23. Great post Mark! Much needed in today’s 24-7-365 world. I think that to truly “retreat” you also have to disconnect. Smart phones and technology are now so pervasive that you can log onto facebook from a mountain top. I was actually inspired to discuss this in a post “The Art of Recreation” on my site a few months ago after spending some time on vacation with my family and their smart phones!

  24. Reference to Groundhog Day – whoot! One of my all-time favorite films, Groundhog Day’s message is that you can get more than you ever imagined out of any ordinary day in your life. If you can tap into that. If you can open yourself to that. If you can live like that there is less reason to “go” off on a retreat to find yourself.

    Contrarily, many people walk through life not truly relating to themselves or those around them. What would a retreat do but reinforce that alone-ness.

  25. My personal retreats have always been to go camping alone in nature.

    I have hiked and camped for months at a time through the mountains of New Hampshire, and you’re right that it was some of the most restorative and clarifying periods of my life.

    It was also profoundly informative and educational. Being in nature for that long greatly sharpens your intuition.

  26. I took a solo retreat (two actually) to hike the Pacific Crest Trail. Two 3-month summers alone on the trail. I guarded my solitude and didn’t join any groups. I only hiked with other people a total of 6 days that entire time. I much preferred the ability to do everything my way and make all my own decisions. Sometimes I went days without seeing another person and didn’t even realize it until I saw a person.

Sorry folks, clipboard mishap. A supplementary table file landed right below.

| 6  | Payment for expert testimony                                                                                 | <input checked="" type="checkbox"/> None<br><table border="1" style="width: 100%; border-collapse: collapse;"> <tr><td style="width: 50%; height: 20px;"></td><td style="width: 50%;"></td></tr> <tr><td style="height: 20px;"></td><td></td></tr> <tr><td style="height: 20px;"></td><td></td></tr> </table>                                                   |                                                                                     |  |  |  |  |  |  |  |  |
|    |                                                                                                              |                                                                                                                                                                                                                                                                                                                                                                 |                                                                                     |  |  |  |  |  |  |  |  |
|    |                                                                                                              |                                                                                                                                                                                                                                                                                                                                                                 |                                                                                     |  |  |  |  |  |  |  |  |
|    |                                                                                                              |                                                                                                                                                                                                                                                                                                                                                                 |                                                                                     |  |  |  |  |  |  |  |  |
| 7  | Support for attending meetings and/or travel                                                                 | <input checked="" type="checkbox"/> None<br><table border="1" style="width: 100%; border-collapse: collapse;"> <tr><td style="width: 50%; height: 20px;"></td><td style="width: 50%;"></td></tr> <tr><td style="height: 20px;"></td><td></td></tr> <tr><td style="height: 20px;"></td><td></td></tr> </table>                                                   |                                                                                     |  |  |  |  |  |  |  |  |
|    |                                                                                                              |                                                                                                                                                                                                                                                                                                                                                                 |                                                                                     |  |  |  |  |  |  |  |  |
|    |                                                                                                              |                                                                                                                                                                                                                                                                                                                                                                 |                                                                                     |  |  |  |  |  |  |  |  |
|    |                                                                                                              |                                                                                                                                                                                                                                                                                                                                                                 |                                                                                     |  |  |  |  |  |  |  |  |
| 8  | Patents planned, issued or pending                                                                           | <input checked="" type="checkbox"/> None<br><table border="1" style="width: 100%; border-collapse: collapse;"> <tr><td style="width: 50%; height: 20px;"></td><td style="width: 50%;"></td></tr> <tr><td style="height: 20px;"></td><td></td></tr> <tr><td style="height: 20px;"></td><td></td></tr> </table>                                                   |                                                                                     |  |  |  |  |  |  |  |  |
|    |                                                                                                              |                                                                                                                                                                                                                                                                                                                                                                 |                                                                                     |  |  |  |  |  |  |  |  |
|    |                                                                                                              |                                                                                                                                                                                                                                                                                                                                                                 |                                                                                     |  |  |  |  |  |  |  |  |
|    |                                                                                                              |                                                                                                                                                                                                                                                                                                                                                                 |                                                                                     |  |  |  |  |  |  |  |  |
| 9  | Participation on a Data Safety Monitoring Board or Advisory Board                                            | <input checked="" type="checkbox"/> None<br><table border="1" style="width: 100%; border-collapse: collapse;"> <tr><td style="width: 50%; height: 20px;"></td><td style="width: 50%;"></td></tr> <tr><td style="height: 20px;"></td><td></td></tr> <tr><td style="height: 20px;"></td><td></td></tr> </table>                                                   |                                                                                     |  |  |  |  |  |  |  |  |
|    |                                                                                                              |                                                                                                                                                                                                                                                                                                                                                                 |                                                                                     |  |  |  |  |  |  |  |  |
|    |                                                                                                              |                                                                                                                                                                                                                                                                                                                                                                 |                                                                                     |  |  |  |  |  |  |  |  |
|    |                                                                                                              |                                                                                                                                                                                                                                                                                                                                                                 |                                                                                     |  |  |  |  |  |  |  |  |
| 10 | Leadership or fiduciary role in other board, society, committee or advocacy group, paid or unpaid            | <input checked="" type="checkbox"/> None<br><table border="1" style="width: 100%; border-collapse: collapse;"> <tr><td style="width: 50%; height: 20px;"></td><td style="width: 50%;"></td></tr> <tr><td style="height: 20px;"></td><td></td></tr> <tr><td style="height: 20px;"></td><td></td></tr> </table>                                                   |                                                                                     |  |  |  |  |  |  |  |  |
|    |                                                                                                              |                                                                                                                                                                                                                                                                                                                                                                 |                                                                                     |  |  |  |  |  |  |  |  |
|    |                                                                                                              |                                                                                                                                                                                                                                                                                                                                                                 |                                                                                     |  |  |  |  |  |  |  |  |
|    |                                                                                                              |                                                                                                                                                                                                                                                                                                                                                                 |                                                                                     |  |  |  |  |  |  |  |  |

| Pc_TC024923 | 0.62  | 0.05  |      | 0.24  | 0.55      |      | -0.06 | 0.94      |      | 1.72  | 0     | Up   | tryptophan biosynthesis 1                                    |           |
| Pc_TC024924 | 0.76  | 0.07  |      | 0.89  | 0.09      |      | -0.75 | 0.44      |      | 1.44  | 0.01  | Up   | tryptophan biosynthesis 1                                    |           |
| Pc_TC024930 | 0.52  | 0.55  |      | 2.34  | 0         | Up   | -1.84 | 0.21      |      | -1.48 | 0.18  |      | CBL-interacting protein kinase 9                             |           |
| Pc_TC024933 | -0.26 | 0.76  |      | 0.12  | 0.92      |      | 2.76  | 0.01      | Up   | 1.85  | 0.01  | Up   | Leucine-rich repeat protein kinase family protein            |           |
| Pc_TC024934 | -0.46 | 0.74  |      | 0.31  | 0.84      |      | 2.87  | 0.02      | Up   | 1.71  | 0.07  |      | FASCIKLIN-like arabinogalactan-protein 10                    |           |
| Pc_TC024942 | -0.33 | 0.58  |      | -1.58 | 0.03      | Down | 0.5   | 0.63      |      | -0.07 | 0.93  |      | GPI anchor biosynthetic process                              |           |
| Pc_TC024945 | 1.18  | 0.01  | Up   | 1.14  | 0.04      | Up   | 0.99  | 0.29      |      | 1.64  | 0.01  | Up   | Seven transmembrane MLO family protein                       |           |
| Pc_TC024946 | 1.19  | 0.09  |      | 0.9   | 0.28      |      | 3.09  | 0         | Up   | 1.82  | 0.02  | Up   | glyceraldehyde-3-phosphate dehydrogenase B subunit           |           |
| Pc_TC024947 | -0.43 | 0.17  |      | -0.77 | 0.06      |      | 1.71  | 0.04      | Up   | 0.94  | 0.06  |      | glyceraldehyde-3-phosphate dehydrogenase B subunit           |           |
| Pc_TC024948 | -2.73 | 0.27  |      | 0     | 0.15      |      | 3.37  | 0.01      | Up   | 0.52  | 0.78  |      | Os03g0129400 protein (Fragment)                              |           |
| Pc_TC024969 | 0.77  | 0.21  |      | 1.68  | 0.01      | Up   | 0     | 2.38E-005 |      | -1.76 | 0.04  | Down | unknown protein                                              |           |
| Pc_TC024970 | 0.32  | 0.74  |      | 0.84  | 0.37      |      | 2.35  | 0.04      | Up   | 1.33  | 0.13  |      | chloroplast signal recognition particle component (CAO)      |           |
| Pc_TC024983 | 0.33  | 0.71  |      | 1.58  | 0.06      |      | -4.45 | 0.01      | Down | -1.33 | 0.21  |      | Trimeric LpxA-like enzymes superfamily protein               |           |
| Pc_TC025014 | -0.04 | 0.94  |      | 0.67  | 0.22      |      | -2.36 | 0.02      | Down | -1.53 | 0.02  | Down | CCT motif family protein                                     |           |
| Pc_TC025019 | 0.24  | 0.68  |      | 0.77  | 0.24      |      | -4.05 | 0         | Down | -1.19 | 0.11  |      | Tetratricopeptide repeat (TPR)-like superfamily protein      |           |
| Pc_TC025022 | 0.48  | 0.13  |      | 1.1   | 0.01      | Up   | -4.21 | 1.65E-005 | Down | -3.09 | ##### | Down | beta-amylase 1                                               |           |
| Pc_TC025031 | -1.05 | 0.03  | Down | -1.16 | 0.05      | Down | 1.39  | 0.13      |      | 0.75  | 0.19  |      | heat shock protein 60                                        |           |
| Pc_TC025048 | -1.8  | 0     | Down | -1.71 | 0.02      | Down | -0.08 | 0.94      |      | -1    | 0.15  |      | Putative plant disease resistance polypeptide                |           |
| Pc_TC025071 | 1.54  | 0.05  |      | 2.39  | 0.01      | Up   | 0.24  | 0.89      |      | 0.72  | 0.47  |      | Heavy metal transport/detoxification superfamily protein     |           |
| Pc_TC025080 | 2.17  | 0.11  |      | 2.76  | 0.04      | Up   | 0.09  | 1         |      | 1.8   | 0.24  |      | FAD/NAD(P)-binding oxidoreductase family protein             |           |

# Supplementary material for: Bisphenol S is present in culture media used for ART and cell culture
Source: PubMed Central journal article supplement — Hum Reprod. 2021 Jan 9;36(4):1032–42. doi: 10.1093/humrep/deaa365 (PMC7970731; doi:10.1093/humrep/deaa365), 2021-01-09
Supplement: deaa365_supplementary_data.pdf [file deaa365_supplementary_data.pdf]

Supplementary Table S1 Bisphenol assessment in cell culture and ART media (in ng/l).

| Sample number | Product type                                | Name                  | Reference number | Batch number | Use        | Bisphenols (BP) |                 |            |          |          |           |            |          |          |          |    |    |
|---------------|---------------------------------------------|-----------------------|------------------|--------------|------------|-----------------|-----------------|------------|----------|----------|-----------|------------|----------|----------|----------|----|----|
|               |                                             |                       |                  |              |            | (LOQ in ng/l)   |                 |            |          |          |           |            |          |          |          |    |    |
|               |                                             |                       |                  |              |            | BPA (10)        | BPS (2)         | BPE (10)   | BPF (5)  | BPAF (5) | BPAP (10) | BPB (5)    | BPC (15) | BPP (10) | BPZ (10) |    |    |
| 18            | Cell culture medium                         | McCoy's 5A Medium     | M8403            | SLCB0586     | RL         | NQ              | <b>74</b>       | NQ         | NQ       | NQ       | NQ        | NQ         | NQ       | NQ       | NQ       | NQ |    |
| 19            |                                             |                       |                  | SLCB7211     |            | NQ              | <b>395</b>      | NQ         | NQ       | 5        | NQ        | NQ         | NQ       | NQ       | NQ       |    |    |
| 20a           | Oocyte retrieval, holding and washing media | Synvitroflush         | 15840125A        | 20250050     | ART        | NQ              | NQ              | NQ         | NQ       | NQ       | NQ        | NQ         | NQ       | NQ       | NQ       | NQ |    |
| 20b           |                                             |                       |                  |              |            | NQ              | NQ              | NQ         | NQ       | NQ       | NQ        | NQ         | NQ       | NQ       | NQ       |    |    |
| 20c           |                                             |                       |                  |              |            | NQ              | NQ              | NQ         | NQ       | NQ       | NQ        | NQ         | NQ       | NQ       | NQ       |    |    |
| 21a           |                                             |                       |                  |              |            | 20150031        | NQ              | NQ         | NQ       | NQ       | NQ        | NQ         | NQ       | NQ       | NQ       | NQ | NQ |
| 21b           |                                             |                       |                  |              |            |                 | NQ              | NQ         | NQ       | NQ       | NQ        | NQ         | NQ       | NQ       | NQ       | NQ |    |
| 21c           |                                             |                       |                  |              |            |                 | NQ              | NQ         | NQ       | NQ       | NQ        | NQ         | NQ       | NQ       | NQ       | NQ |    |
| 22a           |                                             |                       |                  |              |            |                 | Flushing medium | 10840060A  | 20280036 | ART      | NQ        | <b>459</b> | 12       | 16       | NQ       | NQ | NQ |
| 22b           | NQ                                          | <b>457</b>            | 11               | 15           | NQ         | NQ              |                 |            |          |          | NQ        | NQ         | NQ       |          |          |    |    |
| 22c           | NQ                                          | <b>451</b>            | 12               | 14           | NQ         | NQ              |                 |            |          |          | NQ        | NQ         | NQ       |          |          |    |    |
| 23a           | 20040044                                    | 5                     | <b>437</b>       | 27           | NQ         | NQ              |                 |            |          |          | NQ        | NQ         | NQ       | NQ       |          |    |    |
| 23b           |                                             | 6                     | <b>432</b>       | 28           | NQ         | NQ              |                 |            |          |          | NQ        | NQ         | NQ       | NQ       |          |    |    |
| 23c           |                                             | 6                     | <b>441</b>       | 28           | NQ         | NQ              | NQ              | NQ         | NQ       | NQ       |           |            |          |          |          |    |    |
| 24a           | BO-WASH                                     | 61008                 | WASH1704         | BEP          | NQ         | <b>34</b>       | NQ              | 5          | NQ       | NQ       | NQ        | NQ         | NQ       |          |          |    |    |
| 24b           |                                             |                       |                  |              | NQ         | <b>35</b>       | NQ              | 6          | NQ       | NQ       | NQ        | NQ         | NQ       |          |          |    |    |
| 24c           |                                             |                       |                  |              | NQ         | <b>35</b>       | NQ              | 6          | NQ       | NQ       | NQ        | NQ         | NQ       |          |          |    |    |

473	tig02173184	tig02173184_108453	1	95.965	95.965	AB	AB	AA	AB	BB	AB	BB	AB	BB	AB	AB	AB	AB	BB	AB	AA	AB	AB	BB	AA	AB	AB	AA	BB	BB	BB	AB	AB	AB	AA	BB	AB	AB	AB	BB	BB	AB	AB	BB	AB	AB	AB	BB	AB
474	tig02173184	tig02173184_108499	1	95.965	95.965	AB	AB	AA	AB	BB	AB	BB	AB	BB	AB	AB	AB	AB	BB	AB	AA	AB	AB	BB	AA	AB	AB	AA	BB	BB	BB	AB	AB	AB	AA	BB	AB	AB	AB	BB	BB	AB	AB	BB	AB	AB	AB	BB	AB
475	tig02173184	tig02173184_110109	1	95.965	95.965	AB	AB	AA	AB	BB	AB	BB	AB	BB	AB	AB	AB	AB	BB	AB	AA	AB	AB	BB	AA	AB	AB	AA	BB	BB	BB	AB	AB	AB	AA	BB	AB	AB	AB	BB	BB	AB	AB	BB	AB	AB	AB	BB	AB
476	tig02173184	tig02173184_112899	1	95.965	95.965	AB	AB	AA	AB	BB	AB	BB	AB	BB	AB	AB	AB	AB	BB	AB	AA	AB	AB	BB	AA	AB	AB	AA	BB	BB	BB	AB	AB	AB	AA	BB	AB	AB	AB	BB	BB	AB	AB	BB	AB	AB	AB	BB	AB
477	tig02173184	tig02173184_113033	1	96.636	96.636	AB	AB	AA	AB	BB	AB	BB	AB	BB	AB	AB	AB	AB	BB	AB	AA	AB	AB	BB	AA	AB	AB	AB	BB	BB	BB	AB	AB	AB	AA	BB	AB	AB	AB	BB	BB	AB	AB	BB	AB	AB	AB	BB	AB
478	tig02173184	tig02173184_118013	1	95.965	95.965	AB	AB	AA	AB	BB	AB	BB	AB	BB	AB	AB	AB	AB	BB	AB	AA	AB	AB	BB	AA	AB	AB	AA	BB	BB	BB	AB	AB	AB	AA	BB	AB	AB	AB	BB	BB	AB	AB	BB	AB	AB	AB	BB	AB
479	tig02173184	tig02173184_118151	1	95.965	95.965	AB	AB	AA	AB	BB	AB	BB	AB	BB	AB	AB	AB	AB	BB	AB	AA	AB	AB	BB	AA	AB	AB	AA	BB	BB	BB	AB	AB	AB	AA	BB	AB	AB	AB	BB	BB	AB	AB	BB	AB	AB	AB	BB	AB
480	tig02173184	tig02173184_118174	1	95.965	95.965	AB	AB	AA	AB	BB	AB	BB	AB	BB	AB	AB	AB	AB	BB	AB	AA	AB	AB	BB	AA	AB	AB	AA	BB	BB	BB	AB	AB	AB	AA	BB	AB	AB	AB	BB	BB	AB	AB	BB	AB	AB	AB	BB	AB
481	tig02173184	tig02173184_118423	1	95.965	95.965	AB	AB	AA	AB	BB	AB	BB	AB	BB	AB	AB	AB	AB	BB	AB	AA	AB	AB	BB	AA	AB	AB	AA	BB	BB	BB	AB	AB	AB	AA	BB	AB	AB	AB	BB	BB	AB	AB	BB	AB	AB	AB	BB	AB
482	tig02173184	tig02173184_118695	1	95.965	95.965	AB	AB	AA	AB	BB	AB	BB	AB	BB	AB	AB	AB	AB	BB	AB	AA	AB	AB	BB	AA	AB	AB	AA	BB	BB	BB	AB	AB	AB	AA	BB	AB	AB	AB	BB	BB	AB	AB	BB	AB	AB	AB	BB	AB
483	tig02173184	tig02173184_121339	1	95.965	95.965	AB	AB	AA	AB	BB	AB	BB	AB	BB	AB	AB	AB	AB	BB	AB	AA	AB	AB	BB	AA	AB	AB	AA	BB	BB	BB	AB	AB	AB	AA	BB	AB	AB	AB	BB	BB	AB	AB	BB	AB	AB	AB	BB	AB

I had really hoped to do a lot of thinking and try to figure out what to do with my life while on these two trips. But for some reason, hiking all day long every day is so jam-packed with other things to think about, I never actually had any time to think about my problems. I mean, there were sounds and smells and footprints and people and animals and insects and funny stories to remember to write down later and quirky passages from the guide book to stick in my head and earworms to drive me insane and hunger and hills to climb and streams to wash my feet in and wildflowers. Oh my god the wildflowers! If I could be paid in wildflowers I would consider myself the richest woman in the world!

    Since then I have tried to get at least one good 4 or 5-day solo backpack trip in each summer and as many overnighters or weekends as I can that are with my partner or others. I encourage him to take longer solo trips, too. I like having the house to myself. In fact, every evening when I come home from work I get about 15 minutes of solitude before my partner comes home, and I relish that little bit every day.